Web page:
What It Sounds Like: The most mature and 90s-inspired rock record from Matt Thiessen and crew. Gone are the pop-punk days of singing about Marilyn Manson eating your girlfriend, as they’re replaced with sophistication and introspection, lyrically and musically.
Forget And Not Slow Down is the first record, and one of the very few times, that I ever paid money to download from an online store. Amazon’s MP3 Marketplace, to be exact. Why? Because on its release date, we were heading over to Atlanta’s George Dome to see U2’s 360 Tour, and I had zero time to actually get to the store and pick up a copy. So I downloaded it for $5 bucks, because it was essential for the trip, and picked up the copy a couple days later.
That’s my personal relation that always gets kicked up in my memories when I hear those, well (eat your earlier words, Brandon), pop-punk power chords as the title track kicks off. It’s one of the few times on the record that we see just simple, straightforward pop-punk. The piano is back, of course! One day a couple years ago, Matt decided to try his hand at the keys, and they’ve been around ever since. The straight pop of Candlelight is sticky and sweet – Matt must have been listening to a lot of Death Cab For Cutie at the time, because if you didn’t know better, it could easily be mistaken for them. The lyrics have always been somewhat of a mystery to me, so if anyone has any good interpretations, feel free to get in touch.
Thiessen has always been known for his witty and, (ahem), tongue in cheek lyrics. He has numerous snappy lines on this record, certainly inspired from the breakup of his fiance and himself in 2008, from the likes of:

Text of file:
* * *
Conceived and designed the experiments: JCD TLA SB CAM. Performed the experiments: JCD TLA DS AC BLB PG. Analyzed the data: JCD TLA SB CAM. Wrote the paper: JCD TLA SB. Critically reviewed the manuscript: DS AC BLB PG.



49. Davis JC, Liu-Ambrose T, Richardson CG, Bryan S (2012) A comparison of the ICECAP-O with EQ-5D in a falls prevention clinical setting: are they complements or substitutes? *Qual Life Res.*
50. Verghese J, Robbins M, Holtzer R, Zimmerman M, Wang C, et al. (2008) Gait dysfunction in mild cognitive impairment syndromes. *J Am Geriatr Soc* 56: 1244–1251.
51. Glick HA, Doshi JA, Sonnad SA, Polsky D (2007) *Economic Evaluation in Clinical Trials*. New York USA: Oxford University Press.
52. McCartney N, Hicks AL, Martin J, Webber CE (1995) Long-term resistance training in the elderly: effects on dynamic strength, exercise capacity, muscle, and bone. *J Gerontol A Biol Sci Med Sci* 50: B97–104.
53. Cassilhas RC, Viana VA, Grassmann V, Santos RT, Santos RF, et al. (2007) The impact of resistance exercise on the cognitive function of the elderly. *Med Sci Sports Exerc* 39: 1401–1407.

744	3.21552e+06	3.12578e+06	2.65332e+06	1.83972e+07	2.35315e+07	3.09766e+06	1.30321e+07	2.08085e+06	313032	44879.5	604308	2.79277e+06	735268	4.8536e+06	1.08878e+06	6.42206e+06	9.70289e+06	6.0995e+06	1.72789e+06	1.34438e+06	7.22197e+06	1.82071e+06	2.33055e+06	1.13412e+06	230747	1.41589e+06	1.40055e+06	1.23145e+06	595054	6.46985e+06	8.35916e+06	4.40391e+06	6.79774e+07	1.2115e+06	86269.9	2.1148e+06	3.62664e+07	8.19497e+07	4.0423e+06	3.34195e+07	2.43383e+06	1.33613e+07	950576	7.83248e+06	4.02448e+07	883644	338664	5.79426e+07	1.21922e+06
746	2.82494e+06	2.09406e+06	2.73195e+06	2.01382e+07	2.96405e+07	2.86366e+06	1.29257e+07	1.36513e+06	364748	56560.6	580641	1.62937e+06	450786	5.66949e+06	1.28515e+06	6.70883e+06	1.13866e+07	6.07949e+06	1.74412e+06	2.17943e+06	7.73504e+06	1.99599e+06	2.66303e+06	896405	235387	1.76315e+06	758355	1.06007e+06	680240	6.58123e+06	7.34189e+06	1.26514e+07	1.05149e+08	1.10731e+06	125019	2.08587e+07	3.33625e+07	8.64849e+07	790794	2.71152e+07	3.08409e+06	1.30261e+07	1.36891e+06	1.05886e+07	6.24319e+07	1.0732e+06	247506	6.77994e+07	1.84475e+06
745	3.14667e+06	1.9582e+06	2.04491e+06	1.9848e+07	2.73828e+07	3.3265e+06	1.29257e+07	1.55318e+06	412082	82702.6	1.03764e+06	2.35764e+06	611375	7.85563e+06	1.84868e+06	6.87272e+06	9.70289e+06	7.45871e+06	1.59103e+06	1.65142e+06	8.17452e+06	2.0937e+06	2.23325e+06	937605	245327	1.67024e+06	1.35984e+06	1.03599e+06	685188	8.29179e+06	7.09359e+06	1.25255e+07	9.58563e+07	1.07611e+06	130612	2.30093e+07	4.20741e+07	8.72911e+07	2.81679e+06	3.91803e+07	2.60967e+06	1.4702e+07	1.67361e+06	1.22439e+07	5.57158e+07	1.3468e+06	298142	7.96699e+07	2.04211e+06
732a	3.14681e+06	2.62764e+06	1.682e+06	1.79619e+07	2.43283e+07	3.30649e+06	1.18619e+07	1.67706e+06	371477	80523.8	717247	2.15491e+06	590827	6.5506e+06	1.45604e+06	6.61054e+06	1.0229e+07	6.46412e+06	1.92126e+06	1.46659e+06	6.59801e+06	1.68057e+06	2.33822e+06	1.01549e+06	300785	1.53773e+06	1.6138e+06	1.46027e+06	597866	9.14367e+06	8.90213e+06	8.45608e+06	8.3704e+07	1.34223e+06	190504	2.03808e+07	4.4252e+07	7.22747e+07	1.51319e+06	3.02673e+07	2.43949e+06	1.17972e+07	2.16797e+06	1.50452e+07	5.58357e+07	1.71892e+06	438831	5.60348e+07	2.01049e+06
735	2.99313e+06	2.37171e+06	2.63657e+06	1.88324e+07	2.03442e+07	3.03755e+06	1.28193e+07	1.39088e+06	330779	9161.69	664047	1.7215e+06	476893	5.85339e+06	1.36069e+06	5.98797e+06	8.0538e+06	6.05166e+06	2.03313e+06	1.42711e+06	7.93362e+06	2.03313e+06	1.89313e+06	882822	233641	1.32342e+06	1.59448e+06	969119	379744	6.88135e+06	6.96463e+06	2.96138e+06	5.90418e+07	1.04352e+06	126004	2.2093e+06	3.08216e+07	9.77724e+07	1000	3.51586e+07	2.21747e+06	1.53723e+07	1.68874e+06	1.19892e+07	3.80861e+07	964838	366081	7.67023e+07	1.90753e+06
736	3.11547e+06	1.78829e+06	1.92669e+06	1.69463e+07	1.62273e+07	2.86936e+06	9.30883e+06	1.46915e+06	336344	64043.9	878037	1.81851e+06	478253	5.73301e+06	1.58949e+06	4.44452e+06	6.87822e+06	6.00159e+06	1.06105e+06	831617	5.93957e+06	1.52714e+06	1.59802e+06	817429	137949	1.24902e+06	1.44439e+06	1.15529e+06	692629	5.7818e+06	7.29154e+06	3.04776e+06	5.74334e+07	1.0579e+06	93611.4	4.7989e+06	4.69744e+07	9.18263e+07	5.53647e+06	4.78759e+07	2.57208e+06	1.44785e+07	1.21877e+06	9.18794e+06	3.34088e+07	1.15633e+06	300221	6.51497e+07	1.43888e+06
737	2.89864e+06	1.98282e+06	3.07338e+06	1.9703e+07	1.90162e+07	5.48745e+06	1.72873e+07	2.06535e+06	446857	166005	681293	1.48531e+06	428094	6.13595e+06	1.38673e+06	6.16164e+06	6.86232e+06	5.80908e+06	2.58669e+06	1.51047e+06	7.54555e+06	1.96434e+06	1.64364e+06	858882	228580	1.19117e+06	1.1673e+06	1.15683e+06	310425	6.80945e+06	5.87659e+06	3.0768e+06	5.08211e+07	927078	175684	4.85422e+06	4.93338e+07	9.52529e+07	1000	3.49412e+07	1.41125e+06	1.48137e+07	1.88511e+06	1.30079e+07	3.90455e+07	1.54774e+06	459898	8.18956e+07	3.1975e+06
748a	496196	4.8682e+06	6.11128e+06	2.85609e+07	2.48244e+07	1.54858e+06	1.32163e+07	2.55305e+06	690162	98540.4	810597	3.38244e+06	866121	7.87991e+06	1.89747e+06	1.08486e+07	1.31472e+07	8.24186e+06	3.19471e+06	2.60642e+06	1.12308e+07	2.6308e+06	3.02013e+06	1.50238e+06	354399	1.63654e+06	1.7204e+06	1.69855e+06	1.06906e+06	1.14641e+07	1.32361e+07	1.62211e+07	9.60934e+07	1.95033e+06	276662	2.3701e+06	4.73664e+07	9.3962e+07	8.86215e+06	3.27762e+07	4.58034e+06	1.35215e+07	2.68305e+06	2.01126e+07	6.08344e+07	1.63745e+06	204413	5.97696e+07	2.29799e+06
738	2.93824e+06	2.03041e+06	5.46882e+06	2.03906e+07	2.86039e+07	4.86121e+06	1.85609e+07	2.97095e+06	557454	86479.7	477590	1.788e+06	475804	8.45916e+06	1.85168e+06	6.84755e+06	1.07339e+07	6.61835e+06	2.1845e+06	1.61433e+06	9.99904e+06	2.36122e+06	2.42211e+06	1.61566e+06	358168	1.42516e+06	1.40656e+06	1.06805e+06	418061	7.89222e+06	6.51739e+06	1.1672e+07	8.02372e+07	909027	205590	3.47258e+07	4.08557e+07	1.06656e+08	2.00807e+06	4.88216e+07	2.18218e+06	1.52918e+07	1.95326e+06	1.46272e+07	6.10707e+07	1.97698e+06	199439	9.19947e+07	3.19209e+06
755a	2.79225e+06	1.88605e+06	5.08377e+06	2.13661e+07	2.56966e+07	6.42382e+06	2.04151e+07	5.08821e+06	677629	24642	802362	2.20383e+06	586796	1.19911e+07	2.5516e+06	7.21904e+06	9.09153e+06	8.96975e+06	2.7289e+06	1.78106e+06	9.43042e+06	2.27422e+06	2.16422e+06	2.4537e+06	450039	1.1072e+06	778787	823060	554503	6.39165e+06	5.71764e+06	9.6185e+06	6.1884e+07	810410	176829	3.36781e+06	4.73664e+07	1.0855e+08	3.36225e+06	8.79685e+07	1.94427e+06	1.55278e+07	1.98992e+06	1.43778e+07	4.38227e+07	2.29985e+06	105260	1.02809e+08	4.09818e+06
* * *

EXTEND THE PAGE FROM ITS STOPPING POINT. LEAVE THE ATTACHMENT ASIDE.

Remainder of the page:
This is just therapy / Cause you won’t take my calls / and that makes God the only one who’s left here listening. (from Therapy)
You say you made up your mind and you’ve finally decided / But those that helped you choose / Haven’t the slightest clue as to the magnitude of what you’re about to lose (from Over It)
They’re great. It’s a long way from singing songs in gibberish and titling them…gibberish.
In the same way that all the emo kids started to hate Patrick Stump after he lost all that weight (“We liked you better fat!”), some found it difficult to swallow a more mature Relient K. I mean, this record has zero humor. No crayons melting on us. No desperate pleas for skittles and combos. Just a straightforward rock record speaking about life’s experiences, the highs and lows, the troubles and eases. Is this the Matt Thiessen that we really want?
Of course it is. We’re not fourteen anymore, like we (or I) were (or was) back when their self titled was released in 2000. I mean, Matt was 20 – 24 through his first four records, and I was 14 – 18 when they were released. Let’s hope he started writing about actual relationship trouble and questions of faith, because when you’re 32 and still wearing a pick tux to your prom – you’ve missed something. I’m completely content to leave those great days in the past, look back and enjoy them, but look to the future with straight passionate rockers like If You Believe Me and Part Of It.
Relient K have been one of the few bands who have actually continued to release great records ever since I was in high school – their career has had very few, if any, missteps. Here’s to hoping July’s Collapsible Lung blows us all away. My two cents? I bet it’s gonna be faster and more energetic than anything we have heard from them since the Two Lefts.. days.
If you had to listen to two tracks: Therapy / If You Believe Me